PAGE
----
Some limitations of evidence based medicine…
Evidence based medicine
Evidence-based medicine has taken the medical world by storm in the last 10 years, yet it is actually impossible for anyone to keep up to date in their speciality, and for a generalist to keep up to date is a non-starter.
A recent comment in the newsletter for the British Holistic Medical Association sparked off a train of thought for me. The BHMA is an organisation of doctors, therapists and interested parties who are determined to keep a holistic approach to health management central. In fact, the by-line is “medicine as if people matter”. This is not to imply that non members believe that people don’t matter, but to remind us to keep the person we are talking to or dealing with central in our management plans.
The BHMA team write:
Is evidence-based medicine a reality? To keep up to date in any one medical speciality you would need to read 17 articles a day for 365 days a year. The former editor of the BMJ, Richard Smith, writes an interesting editorial article on information overload in the Christmas issue of the BMJ (BMJ2010: 341 7126). Another useful fact is that only 30% of recommend medical treatments in practice are evidence based.
My take on this subject:
Until 2005 I was convinced that I had to keep up to date with everything. By that time I had about 200 various medical journals and magazines piled high in my house – the ones I had not managed to read.
Let’s face it, as a doctor, every medical journal I picked up had something that I felt I “should” know and didn’t. In 2005 I let go of my ultra perfectionist, logical tendencies for ever. For the first time, I accepted that I would never be the “perfect” doctor, and while always striving to improve, I could safely let go of perfectionism and be happy to be “good enough”.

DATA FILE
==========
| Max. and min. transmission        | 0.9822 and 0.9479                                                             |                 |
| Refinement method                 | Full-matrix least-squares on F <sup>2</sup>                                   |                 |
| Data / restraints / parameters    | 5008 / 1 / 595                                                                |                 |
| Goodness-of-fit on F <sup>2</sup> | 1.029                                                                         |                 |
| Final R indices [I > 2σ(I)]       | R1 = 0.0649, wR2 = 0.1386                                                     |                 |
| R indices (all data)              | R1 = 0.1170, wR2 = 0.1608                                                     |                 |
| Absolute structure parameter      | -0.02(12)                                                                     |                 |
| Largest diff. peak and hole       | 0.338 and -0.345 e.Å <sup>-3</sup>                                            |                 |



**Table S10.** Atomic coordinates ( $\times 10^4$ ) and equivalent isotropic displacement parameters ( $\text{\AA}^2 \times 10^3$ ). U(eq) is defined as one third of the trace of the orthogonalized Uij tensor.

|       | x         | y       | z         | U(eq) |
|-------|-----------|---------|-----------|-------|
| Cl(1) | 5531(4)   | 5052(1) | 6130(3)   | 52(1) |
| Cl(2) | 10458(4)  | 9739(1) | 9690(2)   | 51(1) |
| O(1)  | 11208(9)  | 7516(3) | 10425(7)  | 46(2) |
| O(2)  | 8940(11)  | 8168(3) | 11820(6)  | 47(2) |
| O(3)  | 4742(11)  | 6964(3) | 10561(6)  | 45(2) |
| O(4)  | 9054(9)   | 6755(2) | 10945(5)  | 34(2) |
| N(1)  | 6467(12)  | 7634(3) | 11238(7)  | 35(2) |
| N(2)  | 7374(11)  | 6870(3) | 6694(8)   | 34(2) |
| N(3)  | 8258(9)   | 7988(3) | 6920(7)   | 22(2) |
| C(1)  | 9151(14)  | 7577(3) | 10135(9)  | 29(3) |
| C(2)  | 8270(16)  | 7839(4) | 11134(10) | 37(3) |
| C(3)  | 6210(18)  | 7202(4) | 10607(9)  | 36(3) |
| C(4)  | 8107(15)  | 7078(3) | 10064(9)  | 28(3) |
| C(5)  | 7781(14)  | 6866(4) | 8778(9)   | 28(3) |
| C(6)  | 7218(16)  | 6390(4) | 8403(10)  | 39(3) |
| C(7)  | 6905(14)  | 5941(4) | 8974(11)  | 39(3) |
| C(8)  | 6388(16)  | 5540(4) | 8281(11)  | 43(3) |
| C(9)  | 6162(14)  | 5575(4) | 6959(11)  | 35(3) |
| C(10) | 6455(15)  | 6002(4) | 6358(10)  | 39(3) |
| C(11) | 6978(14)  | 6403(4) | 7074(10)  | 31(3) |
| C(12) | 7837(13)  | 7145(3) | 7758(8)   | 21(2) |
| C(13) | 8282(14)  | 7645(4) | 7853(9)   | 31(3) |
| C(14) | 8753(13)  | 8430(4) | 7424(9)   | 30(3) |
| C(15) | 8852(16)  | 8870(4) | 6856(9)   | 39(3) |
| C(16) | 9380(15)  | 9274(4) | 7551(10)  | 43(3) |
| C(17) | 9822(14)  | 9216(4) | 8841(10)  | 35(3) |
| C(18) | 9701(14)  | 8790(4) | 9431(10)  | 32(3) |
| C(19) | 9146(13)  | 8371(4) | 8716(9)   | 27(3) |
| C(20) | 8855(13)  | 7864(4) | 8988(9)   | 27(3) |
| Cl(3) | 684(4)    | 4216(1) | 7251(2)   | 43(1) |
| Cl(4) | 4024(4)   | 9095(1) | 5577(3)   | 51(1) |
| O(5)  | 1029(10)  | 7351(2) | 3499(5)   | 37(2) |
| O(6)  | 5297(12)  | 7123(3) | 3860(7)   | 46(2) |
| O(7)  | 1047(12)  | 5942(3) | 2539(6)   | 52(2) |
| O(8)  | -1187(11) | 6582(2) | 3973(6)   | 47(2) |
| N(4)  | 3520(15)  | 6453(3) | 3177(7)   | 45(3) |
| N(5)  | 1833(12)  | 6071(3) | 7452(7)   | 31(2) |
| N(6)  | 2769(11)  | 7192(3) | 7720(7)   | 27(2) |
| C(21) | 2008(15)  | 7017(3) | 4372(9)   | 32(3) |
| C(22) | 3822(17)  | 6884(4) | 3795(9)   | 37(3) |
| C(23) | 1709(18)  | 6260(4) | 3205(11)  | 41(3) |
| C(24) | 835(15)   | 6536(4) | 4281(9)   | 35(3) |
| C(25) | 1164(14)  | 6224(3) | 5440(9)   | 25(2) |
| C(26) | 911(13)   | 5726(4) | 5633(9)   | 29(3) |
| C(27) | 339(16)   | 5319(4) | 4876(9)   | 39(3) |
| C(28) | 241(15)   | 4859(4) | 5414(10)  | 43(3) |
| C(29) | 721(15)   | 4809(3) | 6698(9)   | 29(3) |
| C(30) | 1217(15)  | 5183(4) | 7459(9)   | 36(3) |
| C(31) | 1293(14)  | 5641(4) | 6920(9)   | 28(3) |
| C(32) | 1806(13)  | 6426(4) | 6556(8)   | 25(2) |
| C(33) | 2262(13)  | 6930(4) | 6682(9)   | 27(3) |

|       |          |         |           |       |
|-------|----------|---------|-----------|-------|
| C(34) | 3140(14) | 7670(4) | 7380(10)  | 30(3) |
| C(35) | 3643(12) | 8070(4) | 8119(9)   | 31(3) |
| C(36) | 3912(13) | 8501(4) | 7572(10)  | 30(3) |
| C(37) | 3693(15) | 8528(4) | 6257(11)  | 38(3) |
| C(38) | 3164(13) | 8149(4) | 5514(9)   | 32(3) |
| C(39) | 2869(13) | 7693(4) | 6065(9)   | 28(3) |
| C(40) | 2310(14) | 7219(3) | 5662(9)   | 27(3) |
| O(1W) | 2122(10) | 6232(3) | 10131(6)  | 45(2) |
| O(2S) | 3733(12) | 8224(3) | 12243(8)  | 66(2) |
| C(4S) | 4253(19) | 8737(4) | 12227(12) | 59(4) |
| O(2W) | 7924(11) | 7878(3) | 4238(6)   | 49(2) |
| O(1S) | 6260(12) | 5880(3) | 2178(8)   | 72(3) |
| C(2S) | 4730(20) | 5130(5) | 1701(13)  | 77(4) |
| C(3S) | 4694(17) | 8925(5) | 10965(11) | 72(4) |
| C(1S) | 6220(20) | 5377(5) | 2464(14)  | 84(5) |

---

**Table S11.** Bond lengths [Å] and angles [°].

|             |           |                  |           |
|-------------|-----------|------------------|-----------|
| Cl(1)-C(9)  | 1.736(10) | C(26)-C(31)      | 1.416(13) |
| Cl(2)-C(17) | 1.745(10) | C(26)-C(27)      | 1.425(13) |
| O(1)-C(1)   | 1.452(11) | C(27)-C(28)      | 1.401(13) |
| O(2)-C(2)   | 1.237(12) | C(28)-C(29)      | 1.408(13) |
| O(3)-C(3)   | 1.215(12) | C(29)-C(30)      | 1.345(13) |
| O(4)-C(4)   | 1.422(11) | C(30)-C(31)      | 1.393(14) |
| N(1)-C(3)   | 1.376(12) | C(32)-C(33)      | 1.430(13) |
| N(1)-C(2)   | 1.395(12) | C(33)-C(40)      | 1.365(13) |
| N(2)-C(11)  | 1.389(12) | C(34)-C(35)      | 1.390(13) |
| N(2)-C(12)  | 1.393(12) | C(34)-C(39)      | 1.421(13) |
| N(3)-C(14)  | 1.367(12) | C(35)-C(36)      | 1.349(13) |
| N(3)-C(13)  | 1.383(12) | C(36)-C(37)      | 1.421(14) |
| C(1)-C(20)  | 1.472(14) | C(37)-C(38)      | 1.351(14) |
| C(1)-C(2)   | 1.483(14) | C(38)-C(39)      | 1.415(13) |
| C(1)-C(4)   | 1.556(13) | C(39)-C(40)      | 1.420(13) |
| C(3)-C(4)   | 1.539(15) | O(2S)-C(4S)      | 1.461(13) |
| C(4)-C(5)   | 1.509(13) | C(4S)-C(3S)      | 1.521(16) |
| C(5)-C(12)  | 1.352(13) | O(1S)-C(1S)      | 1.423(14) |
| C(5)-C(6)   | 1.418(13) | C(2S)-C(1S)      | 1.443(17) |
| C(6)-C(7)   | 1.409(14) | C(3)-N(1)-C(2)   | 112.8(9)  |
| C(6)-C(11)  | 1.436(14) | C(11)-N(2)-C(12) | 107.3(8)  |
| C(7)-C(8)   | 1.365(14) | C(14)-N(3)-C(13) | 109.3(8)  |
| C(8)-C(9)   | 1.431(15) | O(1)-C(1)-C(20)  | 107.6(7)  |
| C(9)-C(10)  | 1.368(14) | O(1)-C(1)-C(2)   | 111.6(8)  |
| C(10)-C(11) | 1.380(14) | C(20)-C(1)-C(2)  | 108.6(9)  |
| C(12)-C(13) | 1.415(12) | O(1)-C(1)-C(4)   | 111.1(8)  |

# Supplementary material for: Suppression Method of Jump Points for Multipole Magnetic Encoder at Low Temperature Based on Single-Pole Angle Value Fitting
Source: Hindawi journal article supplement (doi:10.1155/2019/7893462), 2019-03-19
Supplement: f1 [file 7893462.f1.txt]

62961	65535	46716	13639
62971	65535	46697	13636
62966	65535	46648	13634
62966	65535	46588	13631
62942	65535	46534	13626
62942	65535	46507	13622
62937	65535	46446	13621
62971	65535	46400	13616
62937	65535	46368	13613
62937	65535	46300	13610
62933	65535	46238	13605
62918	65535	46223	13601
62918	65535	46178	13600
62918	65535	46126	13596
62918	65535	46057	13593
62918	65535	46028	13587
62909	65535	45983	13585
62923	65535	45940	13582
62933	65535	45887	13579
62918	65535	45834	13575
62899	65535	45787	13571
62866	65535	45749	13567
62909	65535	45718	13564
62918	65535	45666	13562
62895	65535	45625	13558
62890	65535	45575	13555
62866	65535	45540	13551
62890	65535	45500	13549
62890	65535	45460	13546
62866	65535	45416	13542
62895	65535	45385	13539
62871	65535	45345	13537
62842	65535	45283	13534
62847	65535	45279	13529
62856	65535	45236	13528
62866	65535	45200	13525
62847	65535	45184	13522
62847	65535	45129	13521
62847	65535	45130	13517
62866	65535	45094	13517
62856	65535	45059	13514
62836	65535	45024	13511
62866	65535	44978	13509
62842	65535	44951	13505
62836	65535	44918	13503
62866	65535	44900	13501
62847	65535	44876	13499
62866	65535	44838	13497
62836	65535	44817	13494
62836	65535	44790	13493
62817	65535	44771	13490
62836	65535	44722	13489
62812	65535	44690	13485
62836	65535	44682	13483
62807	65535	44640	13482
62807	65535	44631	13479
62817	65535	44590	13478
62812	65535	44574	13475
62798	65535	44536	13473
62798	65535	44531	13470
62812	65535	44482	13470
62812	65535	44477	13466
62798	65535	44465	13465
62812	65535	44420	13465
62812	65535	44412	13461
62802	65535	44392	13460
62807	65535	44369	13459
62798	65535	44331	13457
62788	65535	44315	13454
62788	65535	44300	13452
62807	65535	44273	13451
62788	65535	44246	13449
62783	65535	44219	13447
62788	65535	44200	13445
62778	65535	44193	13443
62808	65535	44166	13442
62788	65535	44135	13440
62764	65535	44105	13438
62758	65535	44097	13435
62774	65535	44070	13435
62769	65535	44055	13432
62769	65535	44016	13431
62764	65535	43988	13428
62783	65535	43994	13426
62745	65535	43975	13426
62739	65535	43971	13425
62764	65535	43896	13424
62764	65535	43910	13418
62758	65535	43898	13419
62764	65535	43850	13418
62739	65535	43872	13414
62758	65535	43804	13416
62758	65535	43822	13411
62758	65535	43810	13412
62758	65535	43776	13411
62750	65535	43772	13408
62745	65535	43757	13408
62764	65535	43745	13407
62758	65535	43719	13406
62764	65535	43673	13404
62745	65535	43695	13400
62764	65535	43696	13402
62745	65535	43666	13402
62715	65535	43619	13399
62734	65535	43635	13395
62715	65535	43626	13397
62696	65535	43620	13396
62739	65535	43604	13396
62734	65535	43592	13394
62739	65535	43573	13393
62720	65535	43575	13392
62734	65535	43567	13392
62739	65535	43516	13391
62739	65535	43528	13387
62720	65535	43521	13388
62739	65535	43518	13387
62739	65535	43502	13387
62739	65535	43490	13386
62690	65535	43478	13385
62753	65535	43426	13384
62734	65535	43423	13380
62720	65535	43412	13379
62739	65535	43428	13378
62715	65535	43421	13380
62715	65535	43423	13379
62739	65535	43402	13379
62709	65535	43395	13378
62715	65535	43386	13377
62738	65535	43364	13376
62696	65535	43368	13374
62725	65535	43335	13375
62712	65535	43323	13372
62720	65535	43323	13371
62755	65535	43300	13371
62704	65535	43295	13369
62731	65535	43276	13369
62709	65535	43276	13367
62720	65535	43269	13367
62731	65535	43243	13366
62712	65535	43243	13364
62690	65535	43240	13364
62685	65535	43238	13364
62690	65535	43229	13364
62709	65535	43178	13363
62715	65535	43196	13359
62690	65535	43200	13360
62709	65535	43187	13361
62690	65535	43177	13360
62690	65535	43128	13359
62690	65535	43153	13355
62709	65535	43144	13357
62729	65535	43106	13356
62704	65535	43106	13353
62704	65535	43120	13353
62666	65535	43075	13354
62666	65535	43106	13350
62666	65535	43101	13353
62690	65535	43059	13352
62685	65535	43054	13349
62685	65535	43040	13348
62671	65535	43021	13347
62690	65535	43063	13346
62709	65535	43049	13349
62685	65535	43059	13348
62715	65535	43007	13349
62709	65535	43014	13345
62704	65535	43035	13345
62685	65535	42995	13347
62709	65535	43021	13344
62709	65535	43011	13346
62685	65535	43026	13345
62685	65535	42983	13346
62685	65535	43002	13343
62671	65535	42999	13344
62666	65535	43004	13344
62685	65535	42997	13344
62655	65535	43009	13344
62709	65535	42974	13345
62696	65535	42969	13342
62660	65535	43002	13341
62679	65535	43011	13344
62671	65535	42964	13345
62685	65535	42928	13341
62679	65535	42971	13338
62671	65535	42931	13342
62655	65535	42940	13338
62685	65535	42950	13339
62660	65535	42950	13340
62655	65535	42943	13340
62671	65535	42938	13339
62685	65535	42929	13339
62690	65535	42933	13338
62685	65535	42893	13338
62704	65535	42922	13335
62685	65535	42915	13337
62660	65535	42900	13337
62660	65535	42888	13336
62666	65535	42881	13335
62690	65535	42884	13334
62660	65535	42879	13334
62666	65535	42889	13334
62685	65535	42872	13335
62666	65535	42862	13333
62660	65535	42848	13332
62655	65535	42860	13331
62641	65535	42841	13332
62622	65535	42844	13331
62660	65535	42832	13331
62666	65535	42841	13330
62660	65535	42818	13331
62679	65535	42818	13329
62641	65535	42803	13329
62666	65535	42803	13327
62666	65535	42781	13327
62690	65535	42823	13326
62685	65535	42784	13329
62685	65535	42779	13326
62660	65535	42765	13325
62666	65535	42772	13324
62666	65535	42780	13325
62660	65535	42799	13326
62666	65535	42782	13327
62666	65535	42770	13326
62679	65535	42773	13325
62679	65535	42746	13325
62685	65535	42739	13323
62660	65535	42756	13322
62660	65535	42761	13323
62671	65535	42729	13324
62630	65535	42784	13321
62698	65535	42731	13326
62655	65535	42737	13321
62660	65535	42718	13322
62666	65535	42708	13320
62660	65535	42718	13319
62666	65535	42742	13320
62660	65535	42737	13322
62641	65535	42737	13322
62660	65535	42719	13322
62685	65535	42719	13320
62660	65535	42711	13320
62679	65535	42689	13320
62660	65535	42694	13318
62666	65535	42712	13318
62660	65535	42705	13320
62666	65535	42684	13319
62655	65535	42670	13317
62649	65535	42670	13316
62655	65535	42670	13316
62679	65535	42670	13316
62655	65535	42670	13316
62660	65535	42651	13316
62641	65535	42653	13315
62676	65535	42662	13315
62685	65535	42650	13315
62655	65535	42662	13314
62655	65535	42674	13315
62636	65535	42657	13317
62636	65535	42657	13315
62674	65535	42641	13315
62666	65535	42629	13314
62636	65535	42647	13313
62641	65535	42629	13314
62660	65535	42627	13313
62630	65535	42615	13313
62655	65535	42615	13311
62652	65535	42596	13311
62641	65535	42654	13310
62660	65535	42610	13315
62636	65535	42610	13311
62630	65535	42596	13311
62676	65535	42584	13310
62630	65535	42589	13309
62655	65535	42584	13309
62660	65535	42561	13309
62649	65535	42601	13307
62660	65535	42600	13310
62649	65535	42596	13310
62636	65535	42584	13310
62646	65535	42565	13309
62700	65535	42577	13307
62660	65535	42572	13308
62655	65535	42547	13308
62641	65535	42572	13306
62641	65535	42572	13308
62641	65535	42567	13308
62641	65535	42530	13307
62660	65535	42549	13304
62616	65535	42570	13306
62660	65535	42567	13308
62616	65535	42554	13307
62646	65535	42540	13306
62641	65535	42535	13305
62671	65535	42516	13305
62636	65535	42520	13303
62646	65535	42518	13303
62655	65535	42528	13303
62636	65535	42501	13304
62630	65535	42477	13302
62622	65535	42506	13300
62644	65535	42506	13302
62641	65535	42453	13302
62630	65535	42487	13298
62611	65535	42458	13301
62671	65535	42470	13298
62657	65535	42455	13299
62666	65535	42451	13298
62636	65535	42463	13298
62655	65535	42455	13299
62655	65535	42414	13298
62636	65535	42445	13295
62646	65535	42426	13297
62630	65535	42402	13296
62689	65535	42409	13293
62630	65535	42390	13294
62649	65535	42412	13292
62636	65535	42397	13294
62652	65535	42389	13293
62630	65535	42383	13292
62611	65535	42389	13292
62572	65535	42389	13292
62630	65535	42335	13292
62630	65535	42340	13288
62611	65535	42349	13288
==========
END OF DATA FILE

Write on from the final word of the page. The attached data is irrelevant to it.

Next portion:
Having let go of that perfectionism, I am happier, easier to live with, easier to work with… the list is endless. In our world of information overload, an understanding that we can never know everything is fundamental to survival. I have survived, and I feel that I am a better doctor, employer, wife and mother as a result.
As for the fact that 30% of medical interventions can be said to be “evidence-based”, this is absolutely true. I tried to point this out in a discussion on a forum a few years ago, but found myself shouted down. If you take evidence based medicine in its purest form (which I believe removes our ability to heal ourselves from the equation), it is not possible or ethical to do trials of certain established interventions.
How would you like your child with appendicitis entered into a randomised controlled trial of appendicectomy versus “sham” surgery. just to see if the appendicectomy patients fared better? It would be a non starter, and put your child at risk.
This debate will go on and on, but I just wished to highlight that we doctors (and I’m sure other professionals such as lawyers and accountants) are overwhelmed by information. I also feel that this is the reason why most doctors do not have time to make themselves aware of the huge evidence base in favour of lifestyle advice and nutritional supplementation, as well as other complementary therapies, for patient care. Again, a debate that will run for decades.
For now, have a great week!